After a nearly nine-month break, Walters State returned to the diamond. From the first pitch, Osuna made sure his name was known.
In the Senator’s first five outings, Osuna launched four bombs and drove in 16 runs.
“It was noticeable how much harder he was hitting the ball,” Shelton said. “Everyone expected him to get a hit every at-bat.”
And although Osuna didn't record a hit every at-bat, it was shockingly close to the majority of them, as he hovered over a .450 batting average for most of his sophomore year. Osuna broke Walters State's single-season records for hits and RBIs, and he was named the NJCAA Division I Player of the Year.
“When I saw I had won it, I couldn’t believe it,” he said.
But award voters weren’t the only ones taking notice of Osuna’s historic season.
Numerous Division I coaches began reaching out to him, including North Carolina head coach Scott Forbes.
“We couldn’t ignore the power and the numbers,” Forbes said. “We needed a middle-of-the-order production guy and he fit that mold.”
In February 2021, Osuna officially committed to Forbes and the Diamond Heels, where he hoped to become the power hitter that North Carolina was searching for.
‘Get into elite category’
When Osuna first stepped foot on campus at North Carolina, it was a whole new atmosphere.
The Carolina blue locker room, top-tier amenities within Boshamer Stadium and the walks around campus — it was all very different for someone who had just transferred from a school with fewer than 7,000 students.
“The campus I was at before might have been the size of Boshamer,” he said. “Everyday when I see those cages and the locker room, I have a moment like, ‘Gosh, this is awesome.’”
As Osuna tried to adjust to his new life off the field, he struggled at the plate.
In his first 27 games at the designated hitter spot, the once sure-handed Osuna regularly misfired, batting below .250 and hitting just seven home runs. The cold streak prompted Forbes to take Osuna out of the lineup entirely against Virginia Tech in early April, but Forbes knew his prized transfer would respond well.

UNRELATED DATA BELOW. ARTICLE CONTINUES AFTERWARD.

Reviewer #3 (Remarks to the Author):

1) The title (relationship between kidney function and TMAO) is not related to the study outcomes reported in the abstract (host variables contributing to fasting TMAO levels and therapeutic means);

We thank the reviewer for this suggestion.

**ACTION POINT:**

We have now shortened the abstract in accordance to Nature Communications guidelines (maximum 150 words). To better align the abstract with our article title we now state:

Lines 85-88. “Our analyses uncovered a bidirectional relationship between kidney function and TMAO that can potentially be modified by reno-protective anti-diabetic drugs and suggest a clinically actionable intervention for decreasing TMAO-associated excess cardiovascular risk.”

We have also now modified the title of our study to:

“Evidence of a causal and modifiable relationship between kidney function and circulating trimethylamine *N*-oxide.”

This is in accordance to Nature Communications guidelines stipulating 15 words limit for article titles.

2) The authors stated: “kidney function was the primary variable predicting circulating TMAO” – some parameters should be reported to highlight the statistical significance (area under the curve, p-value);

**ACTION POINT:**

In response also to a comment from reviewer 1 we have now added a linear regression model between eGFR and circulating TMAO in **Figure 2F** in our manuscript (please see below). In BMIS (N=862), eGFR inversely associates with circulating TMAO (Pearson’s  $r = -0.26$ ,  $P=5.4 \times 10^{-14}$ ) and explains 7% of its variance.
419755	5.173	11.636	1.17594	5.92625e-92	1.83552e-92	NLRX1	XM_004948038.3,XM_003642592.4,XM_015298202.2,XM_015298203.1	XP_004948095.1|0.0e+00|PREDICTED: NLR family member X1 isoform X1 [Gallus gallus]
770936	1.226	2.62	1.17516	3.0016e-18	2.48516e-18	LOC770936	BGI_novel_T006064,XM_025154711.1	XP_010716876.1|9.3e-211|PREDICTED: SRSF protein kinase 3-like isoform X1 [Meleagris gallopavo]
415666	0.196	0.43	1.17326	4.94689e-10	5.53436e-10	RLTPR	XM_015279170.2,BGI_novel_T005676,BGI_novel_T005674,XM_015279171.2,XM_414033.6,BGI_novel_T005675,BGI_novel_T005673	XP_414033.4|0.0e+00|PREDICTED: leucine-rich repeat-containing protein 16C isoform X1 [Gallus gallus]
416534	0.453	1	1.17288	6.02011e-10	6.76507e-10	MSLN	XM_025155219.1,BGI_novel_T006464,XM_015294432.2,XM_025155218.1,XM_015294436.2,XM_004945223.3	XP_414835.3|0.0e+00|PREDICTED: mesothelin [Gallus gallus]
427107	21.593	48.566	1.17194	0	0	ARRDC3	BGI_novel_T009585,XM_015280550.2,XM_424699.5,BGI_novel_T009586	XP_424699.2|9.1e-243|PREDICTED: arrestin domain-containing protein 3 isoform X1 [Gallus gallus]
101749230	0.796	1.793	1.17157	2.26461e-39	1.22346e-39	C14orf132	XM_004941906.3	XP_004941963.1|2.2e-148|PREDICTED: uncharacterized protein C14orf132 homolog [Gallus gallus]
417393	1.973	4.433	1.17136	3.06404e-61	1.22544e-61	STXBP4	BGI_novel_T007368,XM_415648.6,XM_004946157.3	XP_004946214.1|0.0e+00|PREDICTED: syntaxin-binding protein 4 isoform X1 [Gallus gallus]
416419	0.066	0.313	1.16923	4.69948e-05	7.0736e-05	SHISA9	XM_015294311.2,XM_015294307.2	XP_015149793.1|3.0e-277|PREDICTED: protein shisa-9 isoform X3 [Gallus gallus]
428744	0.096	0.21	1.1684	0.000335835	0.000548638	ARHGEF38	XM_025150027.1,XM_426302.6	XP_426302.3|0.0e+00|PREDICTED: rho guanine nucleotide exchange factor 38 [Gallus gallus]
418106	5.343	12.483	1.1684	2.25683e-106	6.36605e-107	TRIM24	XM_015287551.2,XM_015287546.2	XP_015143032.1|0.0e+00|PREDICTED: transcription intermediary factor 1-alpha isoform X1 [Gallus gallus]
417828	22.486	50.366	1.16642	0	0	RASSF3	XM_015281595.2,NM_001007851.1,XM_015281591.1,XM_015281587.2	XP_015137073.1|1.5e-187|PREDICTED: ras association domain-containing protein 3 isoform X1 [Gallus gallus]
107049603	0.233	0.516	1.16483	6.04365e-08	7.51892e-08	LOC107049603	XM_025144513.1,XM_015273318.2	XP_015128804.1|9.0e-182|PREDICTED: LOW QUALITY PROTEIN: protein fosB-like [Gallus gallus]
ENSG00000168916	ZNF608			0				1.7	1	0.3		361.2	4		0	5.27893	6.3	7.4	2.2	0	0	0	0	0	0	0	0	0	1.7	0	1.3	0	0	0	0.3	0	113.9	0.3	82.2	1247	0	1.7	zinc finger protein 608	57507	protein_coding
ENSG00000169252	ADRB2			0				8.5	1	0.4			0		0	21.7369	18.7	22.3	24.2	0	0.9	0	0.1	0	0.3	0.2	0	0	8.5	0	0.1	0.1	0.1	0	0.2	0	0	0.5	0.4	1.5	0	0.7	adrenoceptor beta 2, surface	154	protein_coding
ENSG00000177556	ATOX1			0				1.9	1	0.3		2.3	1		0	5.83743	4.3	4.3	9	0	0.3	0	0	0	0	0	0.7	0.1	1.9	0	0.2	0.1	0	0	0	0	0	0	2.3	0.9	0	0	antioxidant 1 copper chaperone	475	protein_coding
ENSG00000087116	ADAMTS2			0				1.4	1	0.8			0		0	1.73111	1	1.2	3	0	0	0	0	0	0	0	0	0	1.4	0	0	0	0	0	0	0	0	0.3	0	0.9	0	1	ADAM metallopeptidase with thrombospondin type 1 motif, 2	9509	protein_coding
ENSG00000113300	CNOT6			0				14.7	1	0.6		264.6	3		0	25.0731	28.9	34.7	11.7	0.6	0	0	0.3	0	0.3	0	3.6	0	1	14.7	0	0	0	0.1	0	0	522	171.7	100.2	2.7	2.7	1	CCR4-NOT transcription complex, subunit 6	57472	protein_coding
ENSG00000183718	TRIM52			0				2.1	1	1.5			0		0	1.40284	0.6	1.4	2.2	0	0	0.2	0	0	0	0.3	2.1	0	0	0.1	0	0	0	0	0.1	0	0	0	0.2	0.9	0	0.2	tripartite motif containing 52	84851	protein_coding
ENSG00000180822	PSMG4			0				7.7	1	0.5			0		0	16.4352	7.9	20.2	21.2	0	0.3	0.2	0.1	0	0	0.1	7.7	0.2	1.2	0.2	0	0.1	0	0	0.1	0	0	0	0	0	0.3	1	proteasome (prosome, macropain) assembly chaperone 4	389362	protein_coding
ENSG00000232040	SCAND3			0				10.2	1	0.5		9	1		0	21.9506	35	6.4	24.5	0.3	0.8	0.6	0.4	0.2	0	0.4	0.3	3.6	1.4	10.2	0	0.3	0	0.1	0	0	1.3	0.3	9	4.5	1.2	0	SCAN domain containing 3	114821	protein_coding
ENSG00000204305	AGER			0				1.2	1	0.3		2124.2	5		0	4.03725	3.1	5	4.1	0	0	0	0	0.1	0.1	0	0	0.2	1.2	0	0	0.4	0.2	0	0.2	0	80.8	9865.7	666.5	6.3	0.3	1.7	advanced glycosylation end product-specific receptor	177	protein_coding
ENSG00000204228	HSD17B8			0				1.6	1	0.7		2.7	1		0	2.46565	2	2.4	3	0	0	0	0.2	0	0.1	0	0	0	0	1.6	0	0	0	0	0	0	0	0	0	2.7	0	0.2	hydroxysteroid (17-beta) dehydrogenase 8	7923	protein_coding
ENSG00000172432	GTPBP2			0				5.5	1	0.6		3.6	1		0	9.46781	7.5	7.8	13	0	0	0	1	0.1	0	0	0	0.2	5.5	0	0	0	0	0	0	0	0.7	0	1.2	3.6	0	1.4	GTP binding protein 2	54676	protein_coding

“He’s very level-headed,” Forbes said. “His confidence never went away. He just needed to adjust.”
And Osuna responded to his coach’s decision.
In North Carolina's next series against Louisville, he hammered three long shots while driving in 10 total runs for the Diamond Heels.
Yet, it's not just the fact that Osuna hits home runs, but it's how he does it — searing missiles that sky high over the outfield wall. For Forbes, who’s now in his 21st season at North Carolina, Osuna’s power has a clear standing on his all-time list.
"Just raw power, he ranks in the top five for sure,” he said. “He can hit the ball out anywhere.”
However, Osuna likely hasn’t even scratched the surface of what he’s capable of.
Sure, he leads the team in home runs with 16, and is two shy from being fifth all-time for homers in a single season at UNC. Yet, Osuna isn’t batting at the efficient clip he wants to, sitting around .260, and he's second on the team in strikeouts.
But as someone who was once a kid that couldn’t even hit the ball to the outfield, Osuna has now cemented himself as the Diamond Heels’ power hitter for the near future — a future Forbes believes is limitless.
“He’s still becoming a better hitter,” Forbes said. “He can really get into that elite category.”